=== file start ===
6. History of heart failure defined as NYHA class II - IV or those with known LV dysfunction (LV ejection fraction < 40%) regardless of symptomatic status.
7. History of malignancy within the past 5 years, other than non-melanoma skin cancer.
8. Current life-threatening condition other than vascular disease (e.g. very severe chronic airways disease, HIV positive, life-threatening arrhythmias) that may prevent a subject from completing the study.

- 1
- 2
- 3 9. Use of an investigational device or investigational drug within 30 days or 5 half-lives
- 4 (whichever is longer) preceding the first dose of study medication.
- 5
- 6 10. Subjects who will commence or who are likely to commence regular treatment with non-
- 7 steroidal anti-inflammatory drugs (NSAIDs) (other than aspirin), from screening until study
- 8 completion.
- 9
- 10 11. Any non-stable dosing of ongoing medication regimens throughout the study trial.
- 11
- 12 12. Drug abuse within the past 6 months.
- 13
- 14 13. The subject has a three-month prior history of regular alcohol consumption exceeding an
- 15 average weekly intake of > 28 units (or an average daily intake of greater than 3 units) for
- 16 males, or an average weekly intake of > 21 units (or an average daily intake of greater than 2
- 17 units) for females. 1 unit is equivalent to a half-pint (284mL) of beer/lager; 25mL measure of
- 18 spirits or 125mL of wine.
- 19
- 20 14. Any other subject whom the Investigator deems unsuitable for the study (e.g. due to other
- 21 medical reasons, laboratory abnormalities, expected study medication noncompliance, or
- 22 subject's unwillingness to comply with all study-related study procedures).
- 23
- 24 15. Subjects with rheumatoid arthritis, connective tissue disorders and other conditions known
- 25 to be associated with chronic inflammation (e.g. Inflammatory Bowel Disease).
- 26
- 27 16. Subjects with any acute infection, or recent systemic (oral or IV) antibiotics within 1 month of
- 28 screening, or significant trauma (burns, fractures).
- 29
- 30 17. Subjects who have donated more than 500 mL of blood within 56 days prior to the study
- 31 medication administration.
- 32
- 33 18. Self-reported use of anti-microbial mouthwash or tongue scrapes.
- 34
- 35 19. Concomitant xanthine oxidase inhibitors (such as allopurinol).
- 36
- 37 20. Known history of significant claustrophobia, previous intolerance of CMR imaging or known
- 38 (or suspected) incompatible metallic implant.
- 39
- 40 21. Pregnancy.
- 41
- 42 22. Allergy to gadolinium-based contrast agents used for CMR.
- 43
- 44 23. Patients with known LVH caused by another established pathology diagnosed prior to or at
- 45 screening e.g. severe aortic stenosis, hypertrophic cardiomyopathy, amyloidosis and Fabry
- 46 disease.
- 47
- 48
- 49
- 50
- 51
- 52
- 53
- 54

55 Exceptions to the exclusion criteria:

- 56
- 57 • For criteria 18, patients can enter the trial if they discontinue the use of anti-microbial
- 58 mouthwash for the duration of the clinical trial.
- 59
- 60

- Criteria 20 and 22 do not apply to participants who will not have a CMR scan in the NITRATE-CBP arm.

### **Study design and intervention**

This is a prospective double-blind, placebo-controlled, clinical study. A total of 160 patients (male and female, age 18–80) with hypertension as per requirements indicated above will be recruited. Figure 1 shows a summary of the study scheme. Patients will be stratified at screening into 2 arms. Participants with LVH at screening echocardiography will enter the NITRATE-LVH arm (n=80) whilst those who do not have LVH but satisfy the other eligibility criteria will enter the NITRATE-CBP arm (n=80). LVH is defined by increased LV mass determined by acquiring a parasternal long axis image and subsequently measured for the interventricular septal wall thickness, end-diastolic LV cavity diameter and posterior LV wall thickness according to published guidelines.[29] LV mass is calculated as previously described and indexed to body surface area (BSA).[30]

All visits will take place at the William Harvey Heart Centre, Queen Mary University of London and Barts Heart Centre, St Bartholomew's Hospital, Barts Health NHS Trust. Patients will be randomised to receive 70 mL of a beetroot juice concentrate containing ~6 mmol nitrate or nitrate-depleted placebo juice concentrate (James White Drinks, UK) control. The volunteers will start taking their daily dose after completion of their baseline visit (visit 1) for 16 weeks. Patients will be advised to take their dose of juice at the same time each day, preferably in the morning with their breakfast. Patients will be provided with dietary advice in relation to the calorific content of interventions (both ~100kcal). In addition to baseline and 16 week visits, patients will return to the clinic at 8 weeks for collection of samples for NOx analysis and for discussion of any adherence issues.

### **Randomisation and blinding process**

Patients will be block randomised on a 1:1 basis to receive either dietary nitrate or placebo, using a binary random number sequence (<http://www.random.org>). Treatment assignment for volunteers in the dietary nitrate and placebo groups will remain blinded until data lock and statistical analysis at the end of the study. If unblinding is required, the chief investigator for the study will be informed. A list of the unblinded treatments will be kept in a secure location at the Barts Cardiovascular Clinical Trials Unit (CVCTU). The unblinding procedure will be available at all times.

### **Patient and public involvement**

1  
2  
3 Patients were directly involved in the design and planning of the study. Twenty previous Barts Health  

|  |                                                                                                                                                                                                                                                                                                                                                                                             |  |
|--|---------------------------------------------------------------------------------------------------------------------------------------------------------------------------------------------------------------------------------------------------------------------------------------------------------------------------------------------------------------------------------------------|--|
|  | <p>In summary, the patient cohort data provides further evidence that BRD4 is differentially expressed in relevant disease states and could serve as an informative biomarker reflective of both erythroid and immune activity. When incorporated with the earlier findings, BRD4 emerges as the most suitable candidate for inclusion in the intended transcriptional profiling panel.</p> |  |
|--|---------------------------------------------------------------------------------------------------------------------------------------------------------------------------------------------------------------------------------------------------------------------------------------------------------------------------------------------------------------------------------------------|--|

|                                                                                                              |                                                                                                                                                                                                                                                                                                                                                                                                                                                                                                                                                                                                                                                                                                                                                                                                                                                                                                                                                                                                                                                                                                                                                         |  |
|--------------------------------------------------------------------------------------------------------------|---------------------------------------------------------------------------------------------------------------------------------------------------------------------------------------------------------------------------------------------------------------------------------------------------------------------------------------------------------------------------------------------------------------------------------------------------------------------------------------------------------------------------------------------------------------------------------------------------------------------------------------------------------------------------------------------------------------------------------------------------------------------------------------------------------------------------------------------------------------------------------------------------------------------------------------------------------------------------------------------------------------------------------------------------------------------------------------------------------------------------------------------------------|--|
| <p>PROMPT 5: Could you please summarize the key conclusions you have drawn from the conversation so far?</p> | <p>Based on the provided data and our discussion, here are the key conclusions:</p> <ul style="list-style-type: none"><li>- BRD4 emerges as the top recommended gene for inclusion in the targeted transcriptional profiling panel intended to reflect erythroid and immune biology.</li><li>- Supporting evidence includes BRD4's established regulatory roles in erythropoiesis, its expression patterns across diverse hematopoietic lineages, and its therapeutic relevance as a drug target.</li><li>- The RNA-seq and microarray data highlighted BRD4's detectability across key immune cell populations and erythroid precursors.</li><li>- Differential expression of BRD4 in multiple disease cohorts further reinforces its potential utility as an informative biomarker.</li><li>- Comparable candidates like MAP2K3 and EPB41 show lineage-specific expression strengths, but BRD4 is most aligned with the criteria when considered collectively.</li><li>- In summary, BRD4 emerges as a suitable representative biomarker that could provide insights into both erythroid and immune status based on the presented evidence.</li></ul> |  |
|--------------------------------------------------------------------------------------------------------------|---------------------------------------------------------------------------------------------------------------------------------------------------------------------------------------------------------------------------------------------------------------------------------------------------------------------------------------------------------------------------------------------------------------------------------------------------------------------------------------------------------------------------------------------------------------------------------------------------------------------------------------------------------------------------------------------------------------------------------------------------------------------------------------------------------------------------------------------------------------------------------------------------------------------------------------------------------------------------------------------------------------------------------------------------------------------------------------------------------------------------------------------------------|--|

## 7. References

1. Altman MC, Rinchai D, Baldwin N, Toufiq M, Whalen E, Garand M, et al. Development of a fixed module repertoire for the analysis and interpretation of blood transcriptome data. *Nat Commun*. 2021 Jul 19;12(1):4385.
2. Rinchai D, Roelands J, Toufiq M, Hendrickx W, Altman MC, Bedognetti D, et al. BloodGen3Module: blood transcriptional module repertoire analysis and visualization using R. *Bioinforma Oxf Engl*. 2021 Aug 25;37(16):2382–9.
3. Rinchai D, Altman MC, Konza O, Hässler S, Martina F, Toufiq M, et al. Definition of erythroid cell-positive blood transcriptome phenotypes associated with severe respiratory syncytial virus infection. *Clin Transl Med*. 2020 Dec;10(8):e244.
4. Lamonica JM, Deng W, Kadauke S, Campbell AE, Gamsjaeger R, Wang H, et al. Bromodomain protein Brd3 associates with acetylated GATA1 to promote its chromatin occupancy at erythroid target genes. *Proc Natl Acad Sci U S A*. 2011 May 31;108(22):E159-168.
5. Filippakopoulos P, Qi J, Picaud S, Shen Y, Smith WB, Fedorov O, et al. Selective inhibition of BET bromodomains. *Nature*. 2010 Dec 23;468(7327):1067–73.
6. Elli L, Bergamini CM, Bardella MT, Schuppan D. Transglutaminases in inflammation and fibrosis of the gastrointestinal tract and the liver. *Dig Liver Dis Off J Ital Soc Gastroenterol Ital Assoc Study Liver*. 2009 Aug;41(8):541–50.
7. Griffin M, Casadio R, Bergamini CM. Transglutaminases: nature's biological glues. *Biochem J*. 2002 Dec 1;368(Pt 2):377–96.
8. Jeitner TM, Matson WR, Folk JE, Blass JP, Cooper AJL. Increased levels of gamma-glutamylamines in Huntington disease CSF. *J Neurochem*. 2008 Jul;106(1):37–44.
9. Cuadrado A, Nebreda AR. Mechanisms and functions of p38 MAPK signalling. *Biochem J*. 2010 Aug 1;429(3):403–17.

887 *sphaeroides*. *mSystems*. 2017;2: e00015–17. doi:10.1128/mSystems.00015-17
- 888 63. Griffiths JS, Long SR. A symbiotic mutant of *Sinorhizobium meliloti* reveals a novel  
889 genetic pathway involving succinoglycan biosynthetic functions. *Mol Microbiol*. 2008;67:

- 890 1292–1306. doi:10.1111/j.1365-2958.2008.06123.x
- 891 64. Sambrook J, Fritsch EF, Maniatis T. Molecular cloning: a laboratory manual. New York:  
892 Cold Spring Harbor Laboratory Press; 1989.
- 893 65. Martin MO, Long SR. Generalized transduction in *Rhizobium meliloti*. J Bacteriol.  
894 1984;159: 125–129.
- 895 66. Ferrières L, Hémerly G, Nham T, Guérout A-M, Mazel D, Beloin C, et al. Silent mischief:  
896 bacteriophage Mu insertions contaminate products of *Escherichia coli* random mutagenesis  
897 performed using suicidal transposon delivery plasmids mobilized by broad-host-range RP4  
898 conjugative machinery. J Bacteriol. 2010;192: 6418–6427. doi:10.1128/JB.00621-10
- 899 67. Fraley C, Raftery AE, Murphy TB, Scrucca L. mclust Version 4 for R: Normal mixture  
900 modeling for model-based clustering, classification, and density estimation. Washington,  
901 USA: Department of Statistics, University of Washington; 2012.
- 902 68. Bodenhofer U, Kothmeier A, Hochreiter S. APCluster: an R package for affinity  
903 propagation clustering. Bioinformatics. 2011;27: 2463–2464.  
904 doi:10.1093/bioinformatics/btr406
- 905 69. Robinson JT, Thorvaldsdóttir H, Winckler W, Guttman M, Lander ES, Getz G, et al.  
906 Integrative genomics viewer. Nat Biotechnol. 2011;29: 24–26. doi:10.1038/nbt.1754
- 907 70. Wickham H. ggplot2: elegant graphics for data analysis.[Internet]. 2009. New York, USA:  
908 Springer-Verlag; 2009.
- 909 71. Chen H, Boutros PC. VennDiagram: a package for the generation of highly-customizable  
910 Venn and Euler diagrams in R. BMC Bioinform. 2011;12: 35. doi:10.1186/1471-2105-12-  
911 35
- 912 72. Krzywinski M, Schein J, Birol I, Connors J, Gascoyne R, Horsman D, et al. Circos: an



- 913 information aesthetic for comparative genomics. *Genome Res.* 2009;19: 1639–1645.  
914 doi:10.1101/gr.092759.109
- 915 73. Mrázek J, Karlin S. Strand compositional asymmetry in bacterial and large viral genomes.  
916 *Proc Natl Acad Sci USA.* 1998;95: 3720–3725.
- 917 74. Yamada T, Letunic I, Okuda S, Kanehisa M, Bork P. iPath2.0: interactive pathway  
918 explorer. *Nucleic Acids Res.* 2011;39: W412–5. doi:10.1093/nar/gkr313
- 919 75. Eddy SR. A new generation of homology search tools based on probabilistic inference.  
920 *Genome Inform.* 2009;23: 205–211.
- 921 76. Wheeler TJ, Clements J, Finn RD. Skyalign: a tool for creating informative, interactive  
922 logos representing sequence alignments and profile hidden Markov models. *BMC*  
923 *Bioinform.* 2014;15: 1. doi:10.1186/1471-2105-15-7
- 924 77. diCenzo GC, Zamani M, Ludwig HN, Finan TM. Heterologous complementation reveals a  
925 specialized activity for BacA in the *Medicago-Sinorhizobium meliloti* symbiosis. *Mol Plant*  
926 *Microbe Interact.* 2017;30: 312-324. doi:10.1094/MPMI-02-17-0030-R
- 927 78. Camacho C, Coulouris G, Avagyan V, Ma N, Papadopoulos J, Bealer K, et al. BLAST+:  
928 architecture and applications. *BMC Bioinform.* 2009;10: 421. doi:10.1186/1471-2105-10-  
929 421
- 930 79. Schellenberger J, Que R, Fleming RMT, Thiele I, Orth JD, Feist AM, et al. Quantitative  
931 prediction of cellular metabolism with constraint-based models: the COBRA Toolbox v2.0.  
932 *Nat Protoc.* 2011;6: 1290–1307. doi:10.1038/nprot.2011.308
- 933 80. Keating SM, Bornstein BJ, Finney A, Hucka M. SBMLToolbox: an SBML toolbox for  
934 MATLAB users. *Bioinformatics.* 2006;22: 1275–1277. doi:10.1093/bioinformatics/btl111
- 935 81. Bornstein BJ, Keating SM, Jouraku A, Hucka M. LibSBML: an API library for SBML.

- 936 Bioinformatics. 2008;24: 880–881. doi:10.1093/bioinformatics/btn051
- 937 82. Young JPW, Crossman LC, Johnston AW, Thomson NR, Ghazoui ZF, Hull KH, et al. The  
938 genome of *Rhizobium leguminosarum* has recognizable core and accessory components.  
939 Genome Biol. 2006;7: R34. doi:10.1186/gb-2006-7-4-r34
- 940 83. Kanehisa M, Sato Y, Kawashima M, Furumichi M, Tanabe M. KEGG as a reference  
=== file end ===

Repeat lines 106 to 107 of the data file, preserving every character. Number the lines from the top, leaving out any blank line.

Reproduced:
901 USA: Department of Statistics, University of Washington; 2012.
- 902 68. Bodenhofer U, Kothmeier A, Hochreiter S. APCluster: an R package for affinity  